NORRIDGE — Bypass the expressway and take Montrose Avenue out to O’Hare Airport, and you might notice that the world starts to feel a bit different after Narragansett Avenue. For one thing, there are fewer potholes.
“The moment you cross over to the north side of Irving [Park Road], you can literally eat off those streets,” said state Rep. Robert Martwick (D-Jefferson Park).
Martwick, whose district includes parts of Portage Park and Dunning, is not from Chicago. He’s a third-generation native of Norridge, one of two suburbs cocooned on an “island” bordered by the City of Chicago in all four directions.
For at least half a century, the hole in the city’s Northwest Side has been a source of wonder and frustration for anyone who’s ever squinted at a city map.
But the situation was no accident. The self-sustaining villages of Norridge and Harwood Heights owe their independence to a combination of stubborn farmers, wary city bureaucrats and plucky neighbors who wanted their own shot at governing.
‘No need of paved streets’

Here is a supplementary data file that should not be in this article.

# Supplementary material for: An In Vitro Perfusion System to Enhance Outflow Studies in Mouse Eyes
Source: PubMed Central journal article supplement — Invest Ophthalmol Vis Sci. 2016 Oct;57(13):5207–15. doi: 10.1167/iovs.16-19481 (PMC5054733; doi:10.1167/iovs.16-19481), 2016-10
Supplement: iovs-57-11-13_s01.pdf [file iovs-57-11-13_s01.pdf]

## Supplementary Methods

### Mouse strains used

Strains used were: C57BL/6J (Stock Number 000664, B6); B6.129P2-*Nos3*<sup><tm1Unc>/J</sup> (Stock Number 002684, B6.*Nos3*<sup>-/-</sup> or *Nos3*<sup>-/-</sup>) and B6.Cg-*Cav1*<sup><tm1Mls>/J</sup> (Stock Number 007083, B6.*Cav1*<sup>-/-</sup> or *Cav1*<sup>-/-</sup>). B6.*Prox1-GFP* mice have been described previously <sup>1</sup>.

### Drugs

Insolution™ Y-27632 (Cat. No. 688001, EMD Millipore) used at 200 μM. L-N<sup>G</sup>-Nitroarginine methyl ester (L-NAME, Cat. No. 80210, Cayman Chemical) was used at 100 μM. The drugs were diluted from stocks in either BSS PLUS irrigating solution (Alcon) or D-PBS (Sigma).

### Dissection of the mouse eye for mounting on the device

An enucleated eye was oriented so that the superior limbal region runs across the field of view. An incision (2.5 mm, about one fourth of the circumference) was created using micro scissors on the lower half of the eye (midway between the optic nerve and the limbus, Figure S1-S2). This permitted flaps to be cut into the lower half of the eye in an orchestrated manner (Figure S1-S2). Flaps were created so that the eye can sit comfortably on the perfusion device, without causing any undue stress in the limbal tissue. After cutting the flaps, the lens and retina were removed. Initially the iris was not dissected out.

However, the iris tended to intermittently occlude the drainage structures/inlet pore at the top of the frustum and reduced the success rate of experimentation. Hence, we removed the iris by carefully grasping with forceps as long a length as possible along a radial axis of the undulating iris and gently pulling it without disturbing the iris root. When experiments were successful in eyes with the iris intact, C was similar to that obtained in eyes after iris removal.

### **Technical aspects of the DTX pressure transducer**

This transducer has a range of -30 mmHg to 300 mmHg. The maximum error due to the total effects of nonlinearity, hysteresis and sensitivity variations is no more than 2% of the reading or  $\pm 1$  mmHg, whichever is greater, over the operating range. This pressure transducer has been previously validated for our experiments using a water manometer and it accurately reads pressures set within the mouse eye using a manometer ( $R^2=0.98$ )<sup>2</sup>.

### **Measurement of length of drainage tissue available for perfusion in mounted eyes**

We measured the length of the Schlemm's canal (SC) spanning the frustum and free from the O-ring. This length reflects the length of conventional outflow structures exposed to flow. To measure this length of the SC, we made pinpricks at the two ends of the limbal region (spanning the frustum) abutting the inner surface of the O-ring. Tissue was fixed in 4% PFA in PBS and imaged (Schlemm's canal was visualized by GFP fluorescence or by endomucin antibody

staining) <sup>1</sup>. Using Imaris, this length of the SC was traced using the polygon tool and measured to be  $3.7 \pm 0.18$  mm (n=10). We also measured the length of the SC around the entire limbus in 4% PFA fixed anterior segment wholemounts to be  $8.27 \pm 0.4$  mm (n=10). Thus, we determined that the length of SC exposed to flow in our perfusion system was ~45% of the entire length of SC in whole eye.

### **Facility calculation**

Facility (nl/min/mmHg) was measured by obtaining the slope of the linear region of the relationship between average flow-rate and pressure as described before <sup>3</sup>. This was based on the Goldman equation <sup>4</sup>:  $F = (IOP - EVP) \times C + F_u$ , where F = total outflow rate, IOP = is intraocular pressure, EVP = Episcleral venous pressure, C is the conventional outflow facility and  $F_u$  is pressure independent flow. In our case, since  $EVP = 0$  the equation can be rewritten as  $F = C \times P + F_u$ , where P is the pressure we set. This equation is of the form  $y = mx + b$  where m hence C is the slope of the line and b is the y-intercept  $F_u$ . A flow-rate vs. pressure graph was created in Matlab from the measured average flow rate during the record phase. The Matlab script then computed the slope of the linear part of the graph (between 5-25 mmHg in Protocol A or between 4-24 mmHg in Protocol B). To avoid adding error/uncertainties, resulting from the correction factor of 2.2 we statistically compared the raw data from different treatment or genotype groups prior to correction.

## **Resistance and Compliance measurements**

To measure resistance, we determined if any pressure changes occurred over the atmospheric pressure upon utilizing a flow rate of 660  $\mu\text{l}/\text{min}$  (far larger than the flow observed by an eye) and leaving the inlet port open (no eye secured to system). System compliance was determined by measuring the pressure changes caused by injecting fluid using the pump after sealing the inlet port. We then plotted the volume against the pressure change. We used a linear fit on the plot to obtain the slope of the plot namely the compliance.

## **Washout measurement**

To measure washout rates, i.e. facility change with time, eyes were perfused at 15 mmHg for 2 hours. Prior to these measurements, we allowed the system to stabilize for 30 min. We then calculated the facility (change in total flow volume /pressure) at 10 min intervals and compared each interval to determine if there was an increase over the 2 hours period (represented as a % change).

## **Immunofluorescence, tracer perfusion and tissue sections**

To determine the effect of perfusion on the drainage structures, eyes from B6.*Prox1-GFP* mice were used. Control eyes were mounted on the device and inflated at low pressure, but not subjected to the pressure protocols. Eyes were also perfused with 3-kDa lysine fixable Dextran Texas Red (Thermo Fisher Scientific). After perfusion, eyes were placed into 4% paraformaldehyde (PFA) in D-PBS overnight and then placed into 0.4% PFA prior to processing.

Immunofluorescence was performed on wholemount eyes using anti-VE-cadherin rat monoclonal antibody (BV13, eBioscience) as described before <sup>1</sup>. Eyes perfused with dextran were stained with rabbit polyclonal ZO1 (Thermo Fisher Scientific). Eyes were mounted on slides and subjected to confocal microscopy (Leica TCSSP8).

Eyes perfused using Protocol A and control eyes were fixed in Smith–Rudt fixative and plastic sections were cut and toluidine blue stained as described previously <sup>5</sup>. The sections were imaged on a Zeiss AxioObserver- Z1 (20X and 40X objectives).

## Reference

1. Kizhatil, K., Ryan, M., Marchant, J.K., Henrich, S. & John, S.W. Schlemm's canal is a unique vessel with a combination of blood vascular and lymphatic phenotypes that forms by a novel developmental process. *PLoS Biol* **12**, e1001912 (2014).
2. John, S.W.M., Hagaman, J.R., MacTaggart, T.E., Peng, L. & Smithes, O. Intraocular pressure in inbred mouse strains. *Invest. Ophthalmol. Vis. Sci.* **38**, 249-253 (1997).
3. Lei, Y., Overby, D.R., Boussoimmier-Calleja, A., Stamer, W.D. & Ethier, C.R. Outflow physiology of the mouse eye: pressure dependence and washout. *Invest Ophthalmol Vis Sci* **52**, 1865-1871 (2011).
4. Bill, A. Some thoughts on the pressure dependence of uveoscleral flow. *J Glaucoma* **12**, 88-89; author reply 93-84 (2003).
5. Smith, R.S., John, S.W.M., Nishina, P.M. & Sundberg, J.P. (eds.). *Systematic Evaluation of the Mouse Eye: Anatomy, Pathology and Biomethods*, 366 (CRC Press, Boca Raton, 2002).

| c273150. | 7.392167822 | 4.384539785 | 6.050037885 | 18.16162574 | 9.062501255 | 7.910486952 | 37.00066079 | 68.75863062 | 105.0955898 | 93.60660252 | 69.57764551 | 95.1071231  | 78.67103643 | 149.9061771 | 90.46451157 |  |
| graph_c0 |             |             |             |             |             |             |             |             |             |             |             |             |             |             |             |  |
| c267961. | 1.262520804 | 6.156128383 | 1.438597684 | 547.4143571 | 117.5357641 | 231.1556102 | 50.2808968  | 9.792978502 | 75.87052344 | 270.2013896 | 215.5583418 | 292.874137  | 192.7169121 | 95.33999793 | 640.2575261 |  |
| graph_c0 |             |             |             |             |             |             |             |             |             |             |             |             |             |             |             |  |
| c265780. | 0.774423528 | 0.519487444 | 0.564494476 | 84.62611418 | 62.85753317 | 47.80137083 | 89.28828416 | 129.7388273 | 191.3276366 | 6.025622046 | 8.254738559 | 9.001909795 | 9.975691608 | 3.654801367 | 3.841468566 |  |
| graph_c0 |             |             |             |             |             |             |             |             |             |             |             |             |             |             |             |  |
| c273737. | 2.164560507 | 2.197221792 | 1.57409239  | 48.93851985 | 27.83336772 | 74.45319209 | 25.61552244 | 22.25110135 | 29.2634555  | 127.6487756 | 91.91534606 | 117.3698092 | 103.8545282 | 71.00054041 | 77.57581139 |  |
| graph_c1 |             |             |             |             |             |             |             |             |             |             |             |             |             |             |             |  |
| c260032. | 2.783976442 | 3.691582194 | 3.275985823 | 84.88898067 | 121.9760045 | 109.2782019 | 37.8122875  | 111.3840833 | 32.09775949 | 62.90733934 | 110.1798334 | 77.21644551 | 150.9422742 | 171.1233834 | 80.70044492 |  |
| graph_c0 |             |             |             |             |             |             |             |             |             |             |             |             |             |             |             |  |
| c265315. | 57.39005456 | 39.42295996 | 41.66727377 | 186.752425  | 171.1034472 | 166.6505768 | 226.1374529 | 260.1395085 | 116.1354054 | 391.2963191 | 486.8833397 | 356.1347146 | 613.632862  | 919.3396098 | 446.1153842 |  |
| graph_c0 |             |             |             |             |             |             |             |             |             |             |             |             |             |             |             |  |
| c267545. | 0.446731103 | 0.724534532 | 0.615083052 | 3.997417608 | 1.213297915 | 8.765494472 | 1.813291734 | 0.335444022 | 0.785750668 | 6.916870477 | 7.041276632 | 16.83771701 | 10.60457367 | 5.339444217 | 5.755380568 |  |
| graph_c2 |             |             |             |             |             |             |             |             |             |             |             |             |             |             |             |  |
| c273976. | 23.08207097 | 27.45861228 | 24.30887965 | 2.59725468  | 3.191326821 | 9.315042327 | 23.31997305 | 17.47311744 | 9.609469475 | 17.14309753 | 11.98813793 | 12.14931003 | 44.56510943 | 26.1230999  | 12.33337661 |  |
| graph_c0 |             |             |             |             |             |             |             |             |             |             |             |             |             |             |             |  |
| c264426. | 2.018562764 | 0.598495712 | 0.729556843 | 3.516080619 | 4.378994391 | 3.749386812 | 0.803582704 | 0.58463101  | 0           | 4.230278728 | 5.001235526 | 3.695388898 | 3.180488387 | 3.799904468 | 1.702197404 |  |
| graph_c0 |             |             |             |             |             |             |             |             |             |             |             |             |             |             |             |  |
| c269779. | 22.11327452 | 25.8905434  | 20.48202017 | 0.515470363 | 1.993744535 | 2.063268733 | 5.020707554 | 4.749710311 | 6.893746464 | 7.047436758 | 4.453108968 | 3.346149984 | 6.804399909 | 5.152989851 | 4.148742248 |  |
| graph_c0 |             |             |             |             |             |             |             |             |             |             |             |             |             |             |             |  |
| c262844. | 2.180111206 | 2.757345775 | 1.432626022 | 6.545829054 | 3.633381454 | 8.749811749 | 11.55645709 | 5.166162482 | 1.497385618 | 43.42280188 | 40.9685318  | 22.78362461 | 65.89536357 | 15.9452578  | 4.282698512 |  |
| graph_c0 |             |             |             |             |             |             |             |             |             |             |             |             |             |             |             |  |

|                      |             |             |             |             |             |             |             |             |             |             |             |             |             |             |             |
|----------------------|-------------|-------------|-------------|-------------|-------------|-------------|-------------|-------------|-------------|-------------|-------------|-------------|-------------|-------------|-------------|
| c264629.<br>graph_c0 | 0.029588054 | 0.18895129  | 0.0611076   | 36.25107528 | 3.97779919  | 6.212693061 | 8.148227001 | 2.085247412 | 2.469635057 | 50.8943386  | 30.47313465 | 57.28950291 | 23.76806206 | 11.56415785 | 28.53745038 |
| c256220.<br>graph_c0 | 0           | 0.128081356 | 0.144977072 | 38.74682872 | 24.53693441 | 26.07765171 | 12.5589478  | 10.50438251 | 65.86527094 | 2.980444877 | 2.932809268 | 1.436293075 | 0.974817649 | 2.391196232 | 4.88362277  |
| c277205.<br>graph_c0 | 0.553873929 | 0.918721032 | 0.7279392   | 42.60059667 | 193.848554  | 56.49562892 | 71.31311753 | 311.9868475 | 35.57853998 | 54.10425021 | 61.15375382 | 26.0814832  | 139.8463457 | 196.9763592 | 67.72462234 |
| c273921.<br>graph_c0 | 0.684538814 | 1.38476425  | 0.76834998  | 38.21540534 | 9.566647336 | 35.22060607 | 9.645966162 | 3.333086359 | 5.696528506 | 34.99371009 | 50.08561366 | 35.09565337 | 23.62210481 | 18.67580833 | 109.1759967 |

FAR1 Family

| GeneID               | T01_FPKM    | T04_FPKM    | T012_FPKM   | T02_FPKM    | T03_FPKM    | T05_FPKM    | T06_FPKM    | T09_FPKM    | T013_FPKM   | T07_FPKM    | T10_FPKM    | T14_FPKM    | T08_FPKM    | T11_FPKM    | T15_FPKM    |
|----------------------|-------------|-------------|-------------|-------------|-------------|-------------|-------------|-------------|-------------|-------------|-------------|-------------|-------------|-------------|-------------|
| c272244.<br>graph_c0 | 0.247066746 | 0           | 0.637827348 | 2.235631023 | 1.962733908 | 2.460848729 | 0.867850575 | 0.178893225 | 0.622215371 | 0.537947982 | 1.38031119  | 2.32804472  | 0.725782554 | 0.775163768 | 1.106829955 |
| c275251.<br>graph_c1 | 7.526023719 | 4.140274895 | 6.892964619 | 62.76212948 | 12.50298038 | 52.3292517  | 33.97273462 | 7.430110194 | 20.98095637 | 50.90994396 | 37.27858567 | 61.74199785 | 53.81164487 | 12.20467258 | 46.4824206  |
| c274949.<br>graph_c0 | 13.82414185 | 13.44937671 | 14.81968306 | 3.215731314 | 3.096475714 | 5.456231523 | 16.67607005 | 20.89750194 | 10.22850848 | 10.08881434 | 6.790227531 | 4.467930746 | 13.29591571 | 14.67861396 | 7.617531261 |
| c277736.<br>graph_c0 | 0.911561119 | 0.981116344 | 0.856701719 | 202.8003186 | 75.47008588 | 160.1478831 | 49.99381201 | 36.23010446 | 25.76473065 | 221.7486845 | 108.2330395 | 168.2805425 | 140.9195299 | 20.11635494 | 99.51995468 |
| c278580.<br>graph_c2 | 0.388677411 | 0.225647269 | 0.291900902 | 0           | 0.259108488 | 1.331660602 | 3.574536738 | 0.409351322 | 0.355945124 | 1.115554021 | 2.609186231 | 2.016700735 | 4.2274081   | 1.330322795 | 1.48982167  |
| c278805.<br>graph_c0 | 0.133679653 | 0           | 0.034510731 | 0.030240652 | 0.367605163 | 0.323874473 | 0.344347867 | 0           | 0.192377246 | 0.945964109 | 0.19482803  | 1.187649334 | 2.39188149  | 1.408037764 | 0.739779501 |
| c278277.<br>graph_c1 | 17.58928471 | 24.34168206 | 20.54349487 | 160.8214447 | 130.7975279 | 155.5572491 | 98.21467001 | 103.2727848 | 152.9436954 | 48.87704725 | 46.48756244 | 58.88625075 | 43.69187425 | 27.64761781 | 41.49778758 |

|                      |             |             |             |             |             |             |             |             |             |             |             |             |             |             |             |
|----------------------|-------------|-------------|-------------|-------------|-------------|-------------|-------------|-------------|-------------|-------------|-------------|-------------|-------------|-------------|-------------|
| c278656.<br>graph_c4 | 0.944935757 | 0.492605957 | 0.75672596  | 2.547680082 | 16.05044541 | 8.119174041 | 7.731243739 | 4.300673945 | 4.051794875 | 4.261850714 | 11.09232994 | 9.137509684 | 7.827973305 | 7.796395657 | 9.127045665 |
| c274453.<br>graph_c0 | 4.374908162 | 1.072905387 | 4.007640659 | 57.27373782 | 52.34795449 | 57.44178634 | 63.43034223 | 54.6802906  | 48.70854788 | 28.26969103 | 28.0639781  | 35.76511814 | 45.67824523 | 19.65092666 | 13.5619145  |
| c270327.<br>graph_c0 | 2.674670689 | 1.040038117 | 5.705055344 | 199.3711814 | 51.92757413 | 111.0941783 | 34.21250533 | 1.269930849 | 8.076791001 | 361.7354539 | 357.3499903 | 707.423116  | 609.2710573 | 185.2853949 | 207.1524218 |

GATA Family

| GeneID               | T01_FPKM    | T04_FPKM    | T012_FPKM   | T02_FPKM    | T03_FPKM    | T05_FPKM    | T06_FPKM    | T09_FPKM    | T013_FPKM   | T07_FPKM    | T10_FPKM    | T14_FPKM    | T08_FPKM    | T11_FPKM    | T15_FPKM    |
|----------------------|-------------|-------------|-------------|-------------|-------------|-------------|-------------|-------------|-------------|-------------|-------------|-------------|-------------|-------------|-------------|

In the 1930s, when Martwick’s grandparents settled into present-day Norridge, it was little more than open prairie and low-lying forest, interspersed with some farms and dirt roads.
Some homeowners had made a fleeting effort in 1928 to get the city to annex the territory, hoping they could get access to the running water and police protection that their urban counterparts took for granted. But they ran into resistance from the dominant farming population there, according to Thomas McGowan’s 1989 book “Island Within a City.”
The homesteaders in the area “had no need of paved streets, sidewalks or street lighting, and weren’t willing to pay taxes for such things,” McGowan wrote.
Just north of the area, the city’s boundaries were creeping out to swallow the industrial and commercial corridors of Milwaukee Avenue and Northwest Highway. And to its south, a community called Dunning was forming around the Chicago State Hospital, formerly an insane asylum and home for poor workers.
That left a hole in the city with sparse population and even less infrastructure.
“The story I was always told is that when city surveyors were annexing all this territory, they just got to where we were, and said ‘Yeesh,'” said Martwick, who served as a Norridge village trustee before voters sent him to Springfield in 2012. “Like ‘I’ll go left, you go right, and we’ll meet on the other side.'”